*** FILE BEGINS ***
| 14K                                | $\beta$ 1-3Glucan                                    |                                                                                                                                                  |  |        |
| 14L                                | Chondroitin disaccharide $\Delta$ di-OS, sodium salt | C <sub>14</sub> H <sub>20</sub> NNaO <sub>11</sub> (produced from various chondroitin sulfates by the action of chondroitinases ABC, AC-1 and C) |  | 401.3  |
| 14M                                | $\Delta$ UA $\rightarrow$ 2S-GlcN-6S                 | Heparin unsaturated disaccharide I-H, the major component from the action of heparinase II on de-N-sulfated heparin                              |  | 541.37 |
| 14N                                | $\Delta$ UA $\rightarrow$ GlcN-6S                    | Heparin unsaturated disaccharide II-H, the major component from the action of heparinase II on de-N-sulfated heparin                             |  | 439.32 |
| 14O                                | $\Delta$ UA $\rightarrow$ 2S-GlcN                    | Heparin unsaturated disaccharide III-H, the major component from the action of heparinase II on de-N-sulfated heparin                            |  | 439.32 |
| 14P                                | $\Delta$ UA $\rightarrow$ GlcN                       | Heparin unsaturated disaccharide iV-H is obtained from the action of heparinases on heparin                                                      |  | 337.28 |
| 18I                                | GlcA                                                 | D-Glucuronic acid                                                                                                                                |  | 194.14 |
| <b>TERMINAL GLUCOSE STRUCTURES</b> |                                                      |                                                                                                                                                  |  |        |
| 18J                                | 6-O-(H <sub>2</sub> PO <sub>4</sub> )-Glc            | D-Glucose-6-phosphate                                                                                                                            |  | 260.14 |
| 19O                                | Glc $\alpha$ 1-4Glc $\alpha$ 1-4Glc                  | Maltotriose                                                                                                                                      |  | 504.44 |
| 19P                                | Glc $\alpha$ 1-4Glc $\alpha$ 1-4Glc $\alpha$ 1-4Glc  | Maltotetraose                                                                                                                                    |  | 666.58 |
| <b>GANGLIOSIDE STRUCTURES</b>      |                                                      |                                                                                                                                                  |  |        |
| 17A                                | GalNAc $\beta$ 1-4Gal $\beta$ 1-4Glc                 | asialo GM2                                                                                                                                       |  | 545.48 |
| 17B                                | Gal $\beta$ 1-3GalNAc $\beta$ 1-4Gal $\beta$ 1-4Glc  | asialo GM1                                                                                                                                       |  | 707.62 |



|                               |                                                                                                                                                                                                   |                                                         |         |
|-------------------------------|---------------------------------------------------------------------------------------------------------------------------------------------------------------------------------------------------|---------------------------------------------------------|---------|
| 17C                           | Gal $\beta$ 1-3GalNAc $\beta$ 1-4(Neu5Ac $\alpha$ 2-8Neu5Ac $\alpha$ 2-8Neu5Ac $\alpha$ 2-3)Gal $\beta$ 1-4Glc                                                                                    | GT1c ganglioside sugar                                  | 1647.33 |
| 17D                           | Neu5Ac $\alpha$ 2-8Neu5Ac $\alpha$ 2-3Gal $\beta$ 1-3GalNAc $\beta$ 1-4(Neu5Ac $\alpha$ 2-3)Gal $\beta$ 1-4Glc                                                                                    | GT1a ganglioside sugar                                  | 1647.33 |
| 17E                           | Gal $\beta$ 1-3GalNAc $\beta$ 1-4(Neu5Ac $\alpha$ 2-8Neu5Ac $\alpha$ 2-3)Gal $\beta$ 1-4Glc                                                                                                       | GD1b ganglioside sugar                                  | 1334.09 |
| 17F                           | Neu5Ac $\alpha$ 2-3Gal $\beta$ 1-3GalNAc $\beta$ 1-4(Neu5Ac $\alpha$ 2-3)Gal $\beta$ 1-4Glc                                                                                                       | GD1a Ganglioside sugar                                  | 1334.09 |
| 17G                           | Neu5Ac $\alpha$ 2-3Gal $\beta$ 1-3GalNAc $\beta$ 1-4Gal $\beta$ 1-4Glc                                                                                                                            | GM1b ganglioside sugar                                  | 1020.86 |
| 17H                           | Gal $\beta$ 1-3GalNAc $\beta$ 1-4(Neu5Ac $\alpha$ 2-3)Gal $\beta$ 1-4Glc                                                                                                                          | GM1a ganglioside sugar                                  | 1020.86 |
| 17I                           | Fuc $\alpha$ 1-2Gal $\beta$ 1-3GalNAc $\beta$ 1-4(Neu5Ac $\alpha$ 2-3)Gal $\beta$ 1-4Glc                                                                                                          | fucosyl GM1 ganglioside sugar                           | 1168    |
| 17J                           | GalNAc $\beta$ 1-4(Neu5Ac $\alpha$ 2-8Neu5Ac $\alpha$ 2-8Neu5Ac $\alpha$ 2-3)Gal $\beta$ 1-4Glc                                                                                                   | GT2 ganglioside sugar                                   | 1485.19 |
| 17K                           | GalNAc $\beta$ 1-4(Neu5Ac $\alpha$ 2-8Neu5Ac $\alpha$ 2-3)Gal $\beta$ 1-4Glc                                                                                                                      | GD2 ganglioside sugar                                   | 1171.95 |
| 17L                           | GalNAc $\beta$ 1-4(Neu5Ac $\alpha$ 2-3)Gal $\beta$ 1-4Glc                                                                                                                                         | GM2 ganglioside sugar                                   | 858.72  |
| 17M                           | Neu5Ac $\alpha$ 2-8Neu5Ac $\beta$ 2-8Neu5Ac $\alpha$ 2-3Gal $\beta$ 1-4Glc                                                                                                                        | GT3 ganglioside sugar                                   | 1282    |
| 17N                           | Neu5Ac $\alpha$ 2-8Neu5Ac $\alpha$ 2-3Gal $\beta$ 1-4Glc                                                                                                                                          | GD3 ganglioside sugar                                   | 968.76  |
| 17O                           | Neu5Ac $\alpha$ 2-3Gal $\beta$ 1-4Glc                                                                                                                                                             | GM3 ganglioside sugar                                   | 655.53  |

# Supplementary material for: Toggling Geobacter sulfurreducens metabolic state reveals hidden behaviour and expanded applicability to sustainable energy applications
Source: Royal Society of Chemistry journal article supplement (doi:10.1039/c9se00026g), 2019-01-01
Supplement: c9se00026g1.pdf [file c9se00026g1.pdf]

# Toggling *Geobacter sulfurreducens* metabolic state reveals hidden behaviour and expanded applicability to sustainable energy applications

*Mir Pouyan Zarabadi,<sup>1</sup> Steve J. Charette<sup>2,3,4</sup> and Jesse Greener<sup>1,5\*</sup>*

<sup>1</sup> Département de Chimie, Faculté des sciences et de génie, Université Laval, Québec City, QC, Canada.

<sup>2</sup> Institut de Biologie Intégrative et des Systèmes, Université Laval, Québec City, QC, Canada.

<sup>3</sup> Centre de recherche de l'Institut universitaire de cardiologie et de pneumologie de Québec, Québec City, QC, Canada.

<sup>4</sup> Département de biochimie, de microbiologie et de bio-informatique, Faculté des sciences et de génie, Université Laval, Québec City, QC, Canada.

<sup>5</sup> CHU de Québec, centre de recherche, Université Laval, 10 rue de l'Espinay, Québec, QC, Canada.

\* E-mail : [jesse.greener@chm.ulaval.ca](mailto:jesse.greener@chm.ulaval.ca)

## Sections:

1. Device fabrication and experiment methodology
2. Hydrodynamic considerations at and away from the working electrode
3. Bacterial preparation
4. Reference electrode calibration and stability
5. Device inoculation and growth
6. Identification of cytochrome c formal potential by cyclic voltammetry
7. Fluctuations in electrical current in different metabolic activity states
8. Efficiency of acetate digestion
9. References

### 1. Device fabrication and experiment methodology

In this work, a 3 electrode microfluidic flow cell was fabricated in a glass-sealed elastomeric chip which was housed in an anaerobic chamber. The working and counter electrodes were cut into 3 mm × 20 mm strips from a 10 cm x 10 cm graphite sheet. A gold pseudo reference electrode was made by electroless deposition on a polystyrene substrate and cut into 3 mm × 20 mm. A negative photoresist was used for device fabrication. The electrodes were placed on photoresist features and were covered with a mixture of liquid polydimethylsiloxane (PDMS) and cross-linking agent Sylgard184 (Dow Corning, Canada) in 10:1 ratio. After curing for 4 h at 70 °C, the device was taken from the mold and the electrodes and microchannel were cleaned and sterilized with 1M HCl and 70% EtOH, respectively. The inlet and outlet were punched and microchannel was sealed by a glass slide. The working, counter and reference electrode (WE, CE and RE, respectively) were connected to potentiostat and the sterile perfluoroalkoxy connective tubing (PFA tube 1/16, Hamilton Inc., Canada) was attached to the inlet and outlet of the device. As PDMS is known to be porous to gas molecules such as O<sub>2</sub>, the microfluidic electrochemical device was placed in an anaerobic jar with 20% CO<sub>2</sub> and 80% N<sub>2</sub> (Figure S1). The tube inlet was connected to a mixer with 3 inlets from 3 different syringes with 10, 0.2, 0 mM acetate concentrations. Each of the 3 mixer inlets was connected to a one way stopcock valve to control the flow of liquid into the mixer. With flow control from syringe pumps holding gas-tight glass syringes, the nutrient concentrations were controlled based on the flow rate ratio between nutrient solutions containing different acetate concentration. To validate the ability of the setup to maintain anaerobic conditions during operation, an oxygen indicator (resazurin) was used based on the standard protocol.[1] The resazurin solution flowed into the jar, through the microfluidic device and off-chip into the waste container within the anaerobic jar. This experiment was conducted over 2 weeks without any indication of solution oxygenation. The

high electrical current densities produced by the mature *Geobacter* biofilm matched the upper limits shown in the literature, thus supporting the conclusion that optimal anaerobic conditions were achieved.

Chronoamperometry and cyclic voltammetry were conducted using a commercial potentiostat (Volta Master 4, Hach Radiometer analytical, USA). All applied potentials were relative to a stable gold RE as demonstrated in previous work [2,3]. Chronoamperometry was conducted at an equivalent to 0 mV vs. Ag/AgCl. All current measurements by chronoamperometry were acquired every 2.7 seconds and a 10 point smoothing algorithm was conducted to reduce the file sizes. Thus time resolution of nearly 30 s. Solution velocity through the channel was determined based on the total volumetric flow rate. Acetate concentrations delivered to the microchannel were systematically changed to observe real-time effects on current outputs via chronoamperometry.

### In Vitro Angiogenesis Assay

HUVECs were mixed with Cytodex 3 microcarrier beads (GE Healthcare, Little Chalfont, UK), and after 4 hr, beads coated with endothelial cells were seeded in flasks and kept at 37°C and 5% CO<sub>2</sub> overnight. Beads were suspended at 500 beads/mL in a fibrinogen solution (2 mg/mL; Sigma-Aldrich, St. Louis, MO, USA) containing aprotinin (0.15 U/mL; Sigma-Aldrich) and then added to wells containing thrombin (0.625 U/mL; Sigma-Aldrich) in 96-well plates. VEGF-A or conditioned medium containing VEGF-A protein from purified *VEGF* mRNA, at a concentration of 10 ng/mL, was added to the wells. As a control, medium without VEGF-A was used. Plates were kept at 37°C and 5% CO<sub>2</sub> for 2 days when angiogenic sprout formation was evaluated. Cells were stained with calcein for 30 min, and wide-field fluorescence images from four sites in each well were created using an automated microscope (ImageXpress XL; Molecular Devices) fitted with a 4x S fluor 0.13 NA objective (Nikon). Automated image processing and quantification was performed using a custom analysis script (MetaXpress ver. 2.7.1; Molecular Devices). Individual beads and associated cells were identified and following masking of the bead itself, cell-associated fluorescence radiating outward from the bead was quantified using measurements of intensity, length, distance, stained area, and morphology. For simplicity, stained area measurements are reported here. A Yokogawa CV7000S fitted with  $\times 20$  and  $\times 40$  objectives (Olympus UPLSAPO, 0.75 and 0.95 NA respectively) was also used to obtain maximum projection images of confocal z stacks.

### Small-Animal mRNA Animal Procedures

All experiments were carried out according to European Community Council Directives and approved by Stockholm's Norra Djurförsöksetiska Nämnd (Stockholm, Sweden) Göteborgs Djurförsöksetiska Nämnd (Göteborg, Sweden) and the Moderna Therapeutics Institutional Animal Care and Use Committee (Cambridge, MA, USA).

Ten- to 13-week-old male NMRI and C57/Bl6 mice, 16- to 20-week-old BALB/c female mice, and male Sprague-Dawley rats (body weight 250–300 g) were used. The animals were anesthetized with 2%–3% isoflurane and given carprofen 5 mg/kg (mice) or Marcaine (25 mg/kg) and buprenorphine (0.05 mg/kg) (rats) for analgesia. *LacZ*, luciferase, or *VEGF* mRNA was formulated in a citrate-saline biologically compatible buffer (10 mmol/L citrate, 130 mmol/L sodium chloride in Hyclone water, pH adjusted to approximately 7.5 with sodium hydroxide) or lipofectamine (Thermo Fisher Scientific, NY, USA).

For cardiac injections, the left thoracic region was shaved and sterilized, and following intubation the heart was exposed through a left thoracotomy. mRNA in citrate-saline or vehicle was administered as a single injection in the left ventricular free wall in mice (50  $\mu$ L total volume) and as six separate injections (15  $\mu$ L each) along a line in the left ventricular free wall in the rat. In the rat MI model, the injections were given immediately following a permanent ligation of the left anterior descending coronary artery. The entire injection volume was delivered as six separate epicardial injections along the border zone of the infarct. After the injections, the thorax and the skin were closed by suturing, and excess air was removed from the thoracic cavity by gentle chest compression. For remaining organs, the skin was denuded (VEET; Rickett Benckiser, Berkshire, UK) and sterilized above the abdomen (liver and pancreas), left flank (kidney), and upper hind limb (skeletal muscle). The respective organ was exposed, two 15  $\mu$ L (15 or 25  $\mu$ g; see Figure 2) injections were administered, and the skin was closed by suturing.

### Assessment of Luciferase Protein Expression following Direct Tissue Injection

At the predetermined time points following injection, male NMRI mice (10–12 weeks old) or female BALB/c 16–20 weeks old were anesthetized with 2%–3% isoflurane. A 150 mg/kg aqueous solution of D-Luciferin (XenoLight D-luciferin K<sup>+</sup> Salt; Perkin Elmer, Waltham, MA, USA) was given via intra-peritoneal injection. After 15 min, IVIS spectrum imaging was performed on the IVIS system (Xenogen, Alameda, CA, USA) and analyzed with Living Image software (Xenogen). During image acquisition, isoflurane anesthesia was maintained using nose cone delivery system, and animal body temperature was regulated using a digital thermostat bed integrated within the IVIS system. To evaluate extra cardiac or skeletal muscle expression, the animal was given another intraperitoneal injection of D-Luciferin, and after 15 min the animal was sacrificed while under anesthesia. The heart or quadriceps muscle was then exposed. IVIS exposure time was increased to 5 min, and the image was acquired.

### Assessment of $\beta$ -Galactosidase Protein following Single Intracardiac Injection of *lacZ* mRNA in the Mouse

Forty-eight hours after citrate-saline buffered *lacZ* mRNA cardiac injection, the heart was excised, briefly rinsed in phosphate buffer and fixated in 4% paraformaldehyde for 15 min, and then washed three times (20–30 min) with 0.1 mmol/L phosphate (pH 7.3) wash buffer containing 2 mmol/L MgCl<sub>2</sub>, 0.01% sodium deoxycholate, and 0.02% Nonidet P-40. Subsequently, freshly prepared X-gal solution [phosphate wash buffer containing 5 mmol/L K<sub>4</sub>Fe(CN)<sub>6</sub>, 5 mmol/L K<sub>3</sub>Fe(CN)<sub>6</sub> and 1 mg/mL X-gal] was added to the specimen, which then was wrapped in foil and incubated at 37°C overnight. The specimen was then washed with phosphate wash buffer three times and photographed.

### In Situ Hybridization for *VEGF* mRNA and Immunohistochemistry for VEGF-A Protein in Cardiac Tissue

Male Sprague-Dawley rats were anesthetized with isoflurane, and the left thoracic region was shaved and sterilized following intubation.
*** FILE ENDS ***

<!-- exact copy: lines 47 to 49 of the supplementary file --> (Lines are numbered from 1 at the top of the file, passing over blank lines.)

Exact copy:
6. Identification of cytochrome c formal potential by cyclic voltammetry
7. Fluctuations in electrical current in different metabolic activity states
8. Efficiency of acetate digestion